Respondent argues, however, that some of Justice Bradley's language indicates a restriction of admiralty jurisdiction over marine insurance. It points out that he said of the contract of insurance, "in effect, it is a contract, or guaranty, on the part of the insurer, that the ship or goods shall pass safely over the sea, and through its storms and its many casualties, to the port of its destination." 11 Wall. at page 30, 20 L.Ed. at page 99. These are not words of limitation. Justice Bradley was faced with overturning the English rule as to jurisdiction based on locality. His words are pointed to that problem, and not to the question of delimiting the scope of marine insurance. This same answer is relevant to Mr. Justice Story's quotation about contracts which relate "to the navigation, business or commerce of the sea." Here again, the opinion was pointed to establishing a new rule, not to limiting jurisdiction to certain types of marine insurance. Moreover, common sense would indicate that insurance against the perils of the sea is "business" or "commerce" of the sea, whether the insured ship be loaded or unloaded, moving or laid up. And certainly, such insurance would have been included within those two words as they were used in those days, See Hamilton and Adair, The Power to Govern, 1937, 73, 94, 107-8, 160-1; Timberg, Insurance and Interstate Commerce, 50 Yale L.J. 959, 970. We conclude that the nature of the insurance policy here involved is such that it comes within admiralty jurisdiction.

It may not be amiss to observe that, though this precise question appears not to have arisen, other marine insurance issues have come up, and in them the courts have generally accepted admiralty jurisdiction simply on the ground that the Supreme Court in the Dunham case had settled the issue. See The Dolphin, D.C.E.D.Mich., 7 Fed.Cas. page 862, No. 3,973; The Guiding Star, D.C.S.D.Ohio, 9 F. 521; The Paola R., C.C.E.D.La., 32 F. 174; Kerr v. Union Marine Ins. Co., D.C.S.D.N.Y., 124 F. 835, reversed on other grounds, 2 Cir., 130 F. 415, certiorari denied 194 U.S. 635, 24 S.Ct. 858, 48 L.Ed. 1160; The Daisy Day, D.C. W.D.Mich., 40 F. 538; North German Fire Ins. Co. v. Adams, 7 Cir., 142 F. 439; St. Paul Fire & Marine Ins. Co. v. Pacific Cold Storage Co., 9 Cir., 157 F. 625, 14 L.R.A., N.S., 1161; Robinson, Admiralty, 1939, 163. We may also note that great reliance has been placed on analogies of other types of contracts where distinctions have been made between ships engaged in active service and ships laid up. The difficulty is that these distinctions in their own field are generally, unreal,1 and their continued life rests on their settled nature, not on their merit. See Thames Towboat Co. v. The Francis McDonald, 254 U.S. 242, 244, 41 S.Ct. 65, 65 L.Ed. 245. We see no value in erecting another set of unreal distinctions here, when it can be demonstrated that the contract in issue fairly fits the original rule laid down.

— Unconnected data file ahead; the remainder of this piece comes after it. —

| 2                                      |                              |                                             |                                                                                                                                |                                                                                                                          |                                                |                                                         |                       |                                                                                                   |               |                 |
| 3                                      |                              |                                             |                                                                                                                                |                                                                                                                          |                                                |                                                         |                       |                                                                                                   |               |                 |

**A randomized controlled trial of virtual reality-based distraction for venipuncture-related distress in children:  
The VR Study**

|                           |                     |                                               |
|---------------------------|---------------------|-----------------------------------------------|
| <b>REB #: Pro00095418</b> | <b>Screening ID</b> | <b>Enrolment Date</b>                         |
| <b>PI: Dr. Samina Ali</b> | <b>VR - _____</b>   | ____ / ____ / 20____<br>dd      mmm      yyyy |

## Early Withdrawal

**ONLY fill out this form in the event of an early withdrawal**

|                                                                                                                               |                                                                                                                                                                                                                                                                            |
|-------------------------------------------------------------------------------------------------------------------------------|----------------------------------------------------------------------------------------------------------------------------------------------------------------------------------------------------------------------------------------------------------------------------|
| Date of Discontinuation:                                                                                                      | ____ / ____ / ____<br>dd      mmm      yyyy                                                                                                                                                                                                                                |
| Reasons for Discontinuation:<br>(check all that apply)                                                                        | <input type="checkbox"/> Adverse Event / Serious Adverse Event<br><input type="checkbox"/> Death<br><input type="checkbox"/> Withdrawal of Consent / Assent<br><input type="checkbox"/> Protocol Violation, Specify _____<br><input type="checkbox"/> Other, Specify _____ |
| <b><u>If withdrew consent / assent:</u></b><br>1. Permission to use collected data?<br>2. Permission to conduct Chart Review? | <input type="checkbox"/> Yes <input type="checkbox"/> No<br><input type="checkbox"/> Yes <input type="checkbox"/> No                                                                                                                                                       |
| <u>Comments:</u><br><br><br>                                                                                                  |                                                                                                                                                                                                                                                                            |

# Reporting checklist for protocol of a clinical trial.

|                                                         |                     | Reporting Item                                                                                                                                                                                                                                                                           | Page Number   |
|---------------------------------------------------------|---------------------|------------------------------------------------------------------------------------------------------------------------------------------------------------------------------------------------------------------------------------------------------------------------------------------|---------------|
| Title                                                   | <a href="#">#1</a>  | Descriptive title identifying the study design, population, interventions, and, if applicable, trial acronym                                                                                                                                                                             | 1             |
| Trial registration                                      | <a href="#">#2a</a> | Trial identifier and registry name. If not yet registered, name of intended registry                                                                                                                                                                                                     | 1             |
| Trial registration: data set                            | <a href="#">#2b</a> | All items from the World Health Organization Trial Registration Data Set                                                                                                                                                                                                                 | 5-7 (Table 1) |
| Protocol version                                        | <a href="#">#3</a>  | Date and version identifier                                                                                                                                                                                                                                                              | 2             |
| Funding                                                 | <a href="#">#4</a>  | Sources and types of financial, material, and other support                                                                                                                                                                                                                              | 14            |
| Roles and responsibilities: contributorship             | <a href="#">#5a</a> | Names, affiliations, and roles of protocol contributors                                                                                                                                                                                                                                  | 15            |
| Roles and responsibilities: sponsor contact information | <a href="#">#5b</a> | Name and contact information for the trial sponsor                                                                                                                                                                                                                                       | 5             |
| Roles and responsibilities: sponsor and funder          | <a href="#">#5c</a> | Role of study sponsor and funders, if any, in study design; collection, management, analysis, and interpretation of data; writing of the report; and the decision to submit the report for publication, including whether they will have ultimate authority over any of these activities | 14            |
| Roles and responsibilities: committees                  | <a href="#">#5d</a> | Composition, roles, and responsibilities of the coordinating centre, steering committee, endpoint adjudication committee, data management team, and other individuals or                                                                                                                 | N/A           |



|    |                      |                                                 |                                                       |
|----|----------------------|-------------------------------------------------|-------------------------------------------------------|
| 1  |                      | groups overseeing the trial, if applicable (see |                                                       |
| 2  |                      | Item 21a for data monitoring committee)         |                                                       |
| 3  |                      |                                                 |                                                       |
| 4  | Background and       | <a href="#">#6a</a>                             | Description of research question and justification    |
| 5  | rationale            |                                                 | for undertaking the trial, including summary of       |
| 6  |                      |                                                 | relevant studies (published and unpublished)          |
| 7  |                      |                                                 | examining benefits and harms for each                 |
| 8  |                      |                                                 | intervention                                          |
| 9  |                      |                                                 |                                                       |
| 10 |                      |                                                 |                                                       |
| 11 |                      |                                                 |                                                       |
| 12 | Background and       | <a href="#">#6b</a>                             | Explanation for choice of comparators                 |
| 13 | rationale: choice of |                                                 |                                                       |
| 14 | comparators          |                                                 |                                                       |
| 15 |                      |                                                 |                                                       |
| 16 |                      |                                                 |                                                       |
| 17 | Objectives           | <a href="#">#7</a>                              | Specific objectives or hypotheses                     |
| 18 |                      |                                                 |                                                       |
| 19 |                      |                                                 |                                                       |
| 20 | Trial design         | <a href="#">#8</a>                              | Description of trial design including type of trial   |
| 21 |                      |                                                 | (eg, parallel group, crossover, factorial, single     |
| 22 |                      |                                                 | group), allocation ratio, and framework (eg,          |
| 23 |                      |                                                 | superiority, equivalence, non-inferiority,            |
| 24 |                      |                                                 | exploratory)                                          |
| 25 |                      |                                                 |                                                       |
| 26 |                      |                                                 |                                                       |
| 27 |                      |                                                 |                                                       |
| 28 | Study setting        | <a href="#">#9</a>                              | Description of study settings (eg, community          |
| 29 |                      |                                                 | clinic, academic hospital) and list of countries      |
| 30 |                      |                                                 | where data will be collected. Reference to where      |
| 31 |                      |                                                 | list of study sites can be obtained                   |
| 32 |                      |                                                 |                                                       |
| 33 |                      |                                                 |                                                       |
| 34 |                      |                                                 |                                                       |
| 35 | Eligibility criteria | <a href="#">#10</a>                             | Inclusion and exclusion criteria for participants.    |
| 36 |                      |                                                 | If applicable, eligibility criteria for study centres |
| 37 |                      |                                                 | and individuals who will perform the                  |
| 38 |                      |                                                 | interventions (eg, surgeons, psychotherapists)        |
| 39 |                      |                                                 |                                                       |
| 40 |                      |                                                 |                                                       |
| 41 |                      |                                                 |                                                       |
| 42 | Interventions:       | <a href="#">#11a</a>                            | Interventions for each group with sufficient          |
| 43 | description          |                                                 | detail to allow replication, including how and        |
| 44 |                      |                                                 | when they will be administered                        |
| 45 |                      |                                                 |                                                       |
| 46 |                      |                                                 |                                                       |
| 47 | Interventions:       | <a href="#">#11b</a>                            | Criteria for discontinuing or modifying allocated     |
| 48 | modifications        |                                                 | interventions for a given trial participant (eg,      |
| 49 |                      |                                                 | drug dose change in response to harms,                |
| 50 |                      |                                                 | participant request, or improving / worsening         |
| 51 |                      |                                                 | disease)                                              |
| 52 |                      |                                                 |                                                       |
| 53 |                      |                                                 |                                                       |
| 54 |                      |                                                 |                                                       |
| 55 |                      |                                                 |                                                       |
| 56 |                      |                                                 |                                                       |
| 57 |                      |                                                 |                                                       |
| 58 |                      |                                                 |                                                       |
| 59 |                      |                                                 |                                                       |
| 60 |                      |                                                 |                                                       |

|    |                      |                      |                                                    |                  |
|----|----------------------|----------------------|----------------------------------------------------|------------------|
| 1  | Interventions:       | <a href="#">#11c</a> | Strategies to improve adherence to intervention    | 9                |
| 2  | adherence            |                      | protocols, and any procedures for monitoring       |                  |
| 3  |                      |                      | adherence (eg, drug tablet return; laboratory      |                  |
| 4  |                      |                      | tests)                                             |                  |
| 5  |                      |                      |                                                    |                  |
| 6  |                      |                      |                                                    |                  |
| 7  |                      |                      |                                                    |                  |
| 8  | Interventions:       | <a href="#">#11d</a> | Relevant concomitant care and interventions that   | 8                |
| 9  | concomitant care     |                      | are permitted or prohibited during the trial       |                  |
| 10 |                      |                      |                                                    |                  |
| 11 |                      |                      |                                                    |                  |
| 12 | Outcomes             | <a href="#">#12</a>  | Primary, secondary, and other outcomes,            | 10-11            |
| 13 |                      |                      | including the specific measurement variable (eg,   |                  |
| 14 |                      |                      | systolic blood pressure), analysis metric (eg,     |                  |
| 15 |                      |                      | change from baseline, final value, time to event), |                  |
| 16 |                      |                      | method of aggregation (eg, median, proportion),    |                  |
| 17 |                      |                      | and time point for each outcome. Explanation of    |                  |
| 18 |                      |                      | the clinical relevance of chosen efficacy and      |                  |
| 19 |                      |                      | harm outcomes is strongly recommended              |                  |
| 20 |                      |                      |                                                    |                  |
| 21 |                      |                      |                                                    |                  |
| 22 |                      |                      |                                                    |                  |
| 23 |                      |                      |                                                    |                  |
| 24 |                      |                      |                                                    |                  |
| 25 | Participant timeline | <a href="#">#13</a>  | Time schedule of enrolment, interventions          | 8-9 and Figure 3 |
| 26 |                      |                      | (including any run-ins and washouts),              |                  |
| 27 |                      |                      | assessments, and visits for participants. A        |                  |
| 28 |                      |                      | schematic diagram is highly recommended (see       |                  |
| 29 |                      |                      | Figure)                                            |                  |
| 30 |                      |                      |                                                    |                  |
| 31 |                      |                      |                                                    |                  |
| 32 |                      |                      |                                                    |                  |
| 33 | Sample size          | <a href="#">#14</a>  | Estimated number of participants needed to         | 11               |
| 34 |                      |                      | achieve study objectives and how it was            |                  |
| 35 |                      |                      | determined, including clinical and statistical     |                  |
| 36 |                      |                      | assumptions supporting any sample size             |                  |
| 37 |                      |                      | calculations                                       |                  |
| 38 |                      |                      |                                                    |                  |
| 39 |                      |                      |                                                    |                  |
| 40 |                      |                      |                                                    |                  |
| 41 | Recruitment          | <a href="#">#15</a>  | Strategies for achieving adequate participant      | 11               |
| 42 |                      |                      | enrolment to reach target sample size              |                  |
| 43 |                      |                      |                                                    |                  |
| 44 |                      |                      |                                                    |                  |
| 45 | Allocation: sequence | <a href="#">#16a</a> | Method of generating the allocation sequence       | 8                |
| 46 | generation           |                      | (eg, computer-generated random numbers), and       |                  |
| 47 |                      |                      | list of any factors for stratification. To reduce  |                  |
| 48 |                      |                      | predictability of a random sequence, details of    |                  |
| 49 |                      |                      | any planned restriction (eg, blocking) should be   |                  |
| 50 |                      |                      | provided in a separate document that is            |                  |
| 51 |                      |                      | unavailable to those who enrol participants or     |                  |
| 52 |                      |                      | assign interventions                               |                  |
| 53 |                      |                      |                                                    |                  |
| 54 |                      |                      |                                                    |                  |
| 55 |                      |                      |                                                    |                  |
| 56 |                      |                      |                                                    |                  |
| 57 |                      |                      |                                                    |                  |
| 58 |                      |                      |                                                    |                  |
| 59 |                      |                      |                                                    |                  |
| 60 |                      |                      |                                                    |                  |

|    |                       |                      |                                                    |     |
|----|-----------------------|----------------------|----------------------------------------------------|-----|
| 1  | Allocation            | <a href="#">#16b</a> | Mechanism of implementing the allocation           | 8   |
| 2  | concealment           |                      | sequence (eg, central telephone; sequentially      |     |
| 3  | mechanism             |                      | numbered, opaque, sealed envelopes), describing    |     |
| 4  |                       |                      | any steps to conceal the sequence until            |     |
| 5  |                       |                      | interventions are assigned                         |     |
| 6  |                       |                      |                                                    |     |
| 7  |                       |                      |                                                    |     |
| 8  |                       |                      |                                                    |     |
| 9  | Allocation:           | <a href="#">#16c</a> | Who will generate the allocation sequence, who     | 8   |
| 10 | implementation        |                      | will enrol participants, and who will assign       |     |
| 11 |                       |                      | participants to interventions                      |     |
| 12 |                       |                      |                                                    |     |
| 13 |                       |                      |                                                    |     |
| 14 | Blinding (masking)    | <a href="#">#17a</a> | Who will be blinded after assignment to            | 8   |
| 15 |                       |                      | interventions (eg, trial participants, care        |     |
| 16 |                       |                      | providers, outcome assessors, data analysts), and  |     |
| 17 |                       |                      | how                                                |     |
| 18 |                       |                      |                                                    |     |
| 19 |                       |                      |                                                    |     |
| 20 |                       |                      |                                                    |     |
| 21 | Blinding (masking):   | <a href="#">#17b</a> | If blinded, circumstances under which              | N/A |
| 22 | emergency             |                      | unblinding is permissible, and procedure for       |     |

II. The Rule of Damage.

The second question to be considered is whether the owner may claim a constructive total loss if the damage to his yacht is only slightly more than 50 per cent of the repaired value of the ship. Respondent asserts, relying principally on Pezant v. National Ins. Co., 15 Wend., N.Y., 453, that under the circumstances here it must be shown that the cost of repair would equal or exceed the value of the yacht when repaired. This issue was originally considered and decided adversely to respondent by Judge Coxe on exceptions to the libel. 32 F.Supp. 409.

It is quite clear that if a shipowner is entitled to claim a constructive total loss, he must show only that the cost of repair exceeds 50 per cent of the repaired value of the ship.2 Marcardier v. Chesapeake Ins. Co., 8 Cranch 39, 47, 12 U.S. 39, 3 L. Ed. 48; Arnould on Marine Insurance, 12th Ed. 1939, § 1117; Couch on Insurance, 1929, §§ 1722, 1784; Vance on Insurance, 1930, p. 861; Phillips on Insurance, 5th Ed. 1867, § 1535. We do not understand respondent to contest this. It argues, however, that there is an exception expressed in the Pezant case which makes the abandonment rule inapplicable when the damaged ship arrives at the home port of destination prior to tender of abandonment. Phillips on Insurance, 5th Ed. 1867, § 1555, is also relied on for the same exception. In view of the peculiar result which would follow if the exception were applicable here where the yacht was not to leave port during the life of the policy, it is necessary to examine the origin of the exception.